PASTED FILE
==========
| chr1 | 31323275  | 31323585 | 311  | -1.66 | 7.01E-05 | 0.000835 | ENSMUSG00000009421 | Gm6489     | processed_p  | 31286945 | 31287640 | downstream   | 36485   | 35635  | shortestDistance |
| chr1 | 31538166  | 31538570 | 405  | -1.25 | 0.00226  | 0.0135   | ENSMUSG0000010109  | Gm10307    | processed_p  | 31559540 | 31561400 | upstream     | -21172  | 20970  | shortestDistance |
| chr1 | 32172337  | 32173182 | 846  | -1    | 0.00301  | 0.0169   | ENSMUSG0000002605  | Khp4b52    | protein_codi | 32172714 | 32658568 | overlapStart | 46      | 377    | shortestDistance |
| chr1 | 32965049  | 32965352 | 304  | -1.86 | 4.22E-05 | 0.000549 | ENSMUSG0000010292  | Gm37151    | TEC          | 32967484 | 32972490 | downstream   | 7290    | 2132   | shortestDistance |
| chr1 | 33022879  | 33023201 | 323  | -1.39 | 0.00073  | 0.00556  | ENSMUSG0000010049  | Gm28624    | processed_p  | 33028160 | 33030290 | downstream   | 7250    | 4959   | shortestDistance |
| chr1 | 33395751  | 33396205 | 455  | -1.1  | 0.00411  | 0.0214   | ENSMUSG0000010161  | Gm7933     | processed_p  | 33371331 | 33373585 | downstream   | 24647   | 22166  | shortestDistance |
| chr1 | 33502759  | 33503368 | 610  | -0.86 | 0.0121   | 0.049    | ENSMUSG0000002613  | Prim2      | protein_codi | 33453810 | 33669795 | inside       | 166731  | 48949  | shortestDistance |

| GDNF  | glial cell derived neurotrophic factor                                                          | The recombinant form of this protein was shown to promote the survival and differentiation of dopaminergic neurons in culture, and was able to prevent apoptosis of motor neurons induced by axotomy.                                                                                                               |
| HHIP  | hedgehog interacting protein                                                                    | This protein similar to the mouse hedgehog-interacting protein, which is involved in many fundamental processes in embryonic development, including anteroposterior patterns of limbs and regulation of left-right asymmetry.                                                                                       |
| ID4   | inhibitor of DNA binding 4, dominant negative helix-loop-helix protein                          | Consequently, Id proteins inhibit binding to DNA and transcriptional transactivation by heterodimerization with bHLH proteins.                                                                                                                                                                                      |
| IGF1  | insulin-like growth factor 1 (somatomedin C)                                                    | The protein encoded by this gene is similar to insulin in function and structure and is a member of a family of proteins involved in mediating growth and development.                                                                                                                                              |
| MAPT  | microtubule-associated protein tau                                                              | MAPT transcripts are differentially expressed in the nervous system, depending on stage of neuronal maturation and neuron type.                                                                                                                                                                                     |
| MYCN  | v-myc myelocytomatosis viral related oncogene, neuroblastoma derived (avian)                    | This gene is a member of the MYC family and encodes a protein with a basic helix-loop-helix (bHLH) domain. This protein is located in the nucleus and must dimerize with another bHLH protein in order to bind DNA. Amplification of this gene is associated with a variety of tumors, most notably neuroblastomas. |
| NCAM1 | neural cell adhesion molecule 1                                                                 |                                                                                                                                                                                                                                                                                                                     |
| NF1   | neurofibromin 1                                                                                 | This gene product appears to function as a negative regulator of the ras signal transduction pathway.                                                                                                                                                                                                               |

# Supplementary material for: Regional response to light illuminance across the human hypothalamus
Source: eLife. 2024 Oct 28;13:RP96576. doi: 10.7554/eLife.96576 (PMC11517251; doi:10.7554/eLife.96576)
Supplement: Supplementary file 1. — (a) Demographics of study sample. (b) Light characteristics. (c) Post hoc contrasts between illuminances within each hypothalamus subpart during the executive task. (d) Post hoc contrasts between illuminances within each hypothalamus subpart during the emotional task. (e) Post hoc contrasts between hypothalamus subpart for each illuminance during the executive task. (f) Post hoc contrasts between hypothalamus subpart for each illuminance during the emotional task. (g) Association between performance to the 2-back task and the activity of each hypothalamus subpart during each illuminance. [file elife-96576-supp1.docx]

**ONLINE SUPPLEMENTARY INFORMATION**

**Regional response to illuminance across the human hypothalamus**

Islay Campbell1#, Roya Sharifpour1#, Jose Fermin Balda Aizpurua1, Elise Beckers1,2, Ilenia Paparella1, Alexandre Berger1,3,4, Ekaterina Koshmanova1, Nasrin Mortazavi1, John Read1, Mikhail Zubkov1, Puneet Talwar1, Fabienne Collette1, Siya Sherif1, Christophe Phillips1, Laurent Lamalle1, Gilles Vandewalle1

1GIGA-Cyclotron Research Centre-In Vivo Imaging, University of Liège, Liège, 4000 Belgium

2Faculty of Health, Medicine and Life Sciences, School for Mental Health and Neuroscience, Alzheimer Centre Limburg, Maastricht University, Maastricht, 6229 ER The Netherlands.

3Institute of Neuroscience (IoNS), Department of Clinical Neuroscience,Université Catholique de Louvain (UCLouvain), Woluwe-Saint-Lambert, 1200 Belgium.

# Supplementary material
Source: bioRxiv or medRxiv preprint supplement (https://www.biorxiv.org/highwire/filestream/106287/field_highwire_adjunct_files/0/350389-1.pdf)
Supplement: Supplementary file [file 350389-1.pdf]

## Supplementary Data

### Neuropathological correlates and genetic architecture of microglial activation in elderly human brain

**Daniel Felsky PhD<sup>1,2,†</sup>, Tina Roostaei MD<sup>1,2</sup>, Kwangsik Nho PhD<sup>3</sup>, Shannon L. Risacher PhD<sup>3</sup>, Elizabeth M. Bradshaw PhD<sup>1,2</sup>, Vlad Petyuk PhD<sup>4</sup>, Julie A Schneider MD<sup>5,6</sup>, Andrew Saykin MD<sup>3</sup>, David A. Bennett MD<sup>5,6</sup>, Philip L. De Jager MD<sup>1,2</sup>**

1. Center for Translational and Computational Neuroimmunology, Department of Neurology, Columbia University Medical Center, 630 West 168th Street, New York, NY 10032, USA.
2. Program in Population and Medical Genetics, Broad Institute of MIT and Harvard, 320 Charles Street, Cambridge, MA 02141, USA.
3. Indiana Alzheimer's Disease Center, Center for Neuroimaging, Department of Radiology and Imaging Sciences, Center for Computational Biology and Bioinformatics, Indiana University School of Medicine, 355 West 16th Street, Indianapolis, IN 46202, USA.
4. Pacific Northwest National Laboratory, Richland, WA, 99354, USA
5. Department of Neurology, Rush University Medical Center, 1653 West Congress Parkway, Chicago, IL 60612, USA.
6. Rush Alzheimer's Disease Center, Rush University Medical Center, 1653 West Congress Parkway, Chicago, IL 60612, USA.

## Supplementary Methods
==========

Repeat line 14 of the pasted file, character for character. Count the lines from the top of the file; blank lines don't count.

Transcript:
| NCAM1 | neural cell adhesion molecule 1                                                                 |                                                                                                                                                                                                                                                                                                                     |